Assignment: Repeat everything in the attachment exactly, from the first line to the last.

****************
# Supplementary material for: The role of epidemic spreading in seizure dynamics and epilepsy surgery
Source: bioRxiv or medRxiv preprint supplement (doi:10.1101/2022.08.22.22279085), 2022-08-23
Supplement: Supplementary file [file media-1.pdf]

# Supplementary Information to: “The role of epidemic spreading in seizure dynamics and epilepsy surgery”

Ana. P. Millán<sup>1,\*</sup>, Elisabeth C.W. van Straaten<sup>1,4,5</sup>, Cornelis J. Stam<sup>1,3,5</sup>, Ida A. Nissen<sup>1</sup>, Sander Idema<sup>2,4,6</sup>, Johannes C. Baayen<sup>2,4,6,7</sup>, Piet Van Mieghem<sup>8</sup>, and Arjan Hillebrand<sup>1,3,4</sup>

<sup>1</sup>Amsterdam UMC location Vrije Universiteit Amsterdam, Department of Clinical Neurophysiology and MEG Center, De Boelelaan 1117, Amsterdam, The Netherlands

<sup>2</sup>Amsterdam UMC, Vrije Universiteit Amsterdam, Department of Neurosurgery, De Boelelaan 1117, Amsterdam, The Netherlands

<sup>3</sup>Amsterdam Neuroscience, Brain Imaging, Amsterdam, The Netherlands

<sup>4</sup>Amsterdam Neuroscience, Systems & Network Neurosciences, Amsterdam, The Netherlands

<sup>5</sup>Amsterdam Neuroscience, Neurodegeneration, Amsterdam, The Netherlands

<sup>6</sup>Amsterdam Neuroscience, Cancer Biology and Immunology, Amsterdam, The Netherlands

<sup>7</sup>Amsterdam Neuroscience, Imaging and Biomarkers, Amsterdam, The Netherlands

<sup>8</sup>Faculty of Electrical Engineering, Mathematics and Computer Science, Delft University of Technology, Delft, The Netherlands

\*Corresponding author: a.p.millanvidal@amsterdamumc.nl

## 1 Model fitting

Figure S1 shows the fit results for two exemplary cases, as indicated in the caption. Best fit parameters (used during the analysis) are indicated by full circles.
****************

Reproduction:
# Supplementary material for: The role of epidemic spreading in seizure dynamics and epilepsy surgery
Source: bioRxiv or medRxiv preprint supplement (doi:10.1101/2022.08.22.22279085), 2022-08-23
Supplement: Supplementary file [file media-1.pdf]

# Supplementary Information to: “The role of epidemic spreading in seizure dynamics and epilepsy surgery”

Ana. P. Millán<sup>1,\*</sup>, Elisabeth C.W. van Straaten<sup>1,4,5</sup>, Cornelis J. Stam<sup>1,3,5</sup>, Ida A. Nissen<sup>1</sup>, Sander Idema<sup>2,4,6</sup>, Johannes C. Baayen<sup>2,4,6,7</sup>, Piet Van Mieghem<sup>8</sup>, and Arjan Hillebrand<sup>1,3,4</sup>

<sup>1</sup>Amsterdam UMC location Vrije Universiteit Amsterdam, Department of Clinical Neurophysiology and MEG Center, De Boelelaan 1117, Amsterdam, The Netherlands

<sup>2</sup>Amsterdam UMC, Vrije Universiteit Amsterdam, Department of Neurosurgery, De Boelelaan 1117, Amsterdam, The Netherlands

<sup>3</sup>Amsterdam Neuroscience, Brain Imaging, Amsterdam, The Netherlands

<sup>4</sup>Amsterdam Neuroscience, Systems & Network Neurosciences, Amsterdam, The Netherlands

<sup>5</sup>Amsterdam Neuroscience, Neurodegeneration, Amsterdam, The Netherlands

<sup>6</sup>Amsterdam Neuroscience, Cancer Biology and Immunology, Amsterdam, The Netherlands

<sup>7</sup>Amsterdam Neuroscience, Imaging and Biomarkers, Amsterdam, The Netherlands

<sup>8</sup>Faculty of Electrical Engineering, Mathematics and Computer Science, Delft University of Technology, Delft, The Netherlands

\*Corresponding author: a.p.millanvidal@amsterdamumc.nl

## 1 Model fitting

Figure S1 shows the fit results for two exemplary cases, as indicated in the caption. Best fit parameters (used during the analysis) are indicated by full circles.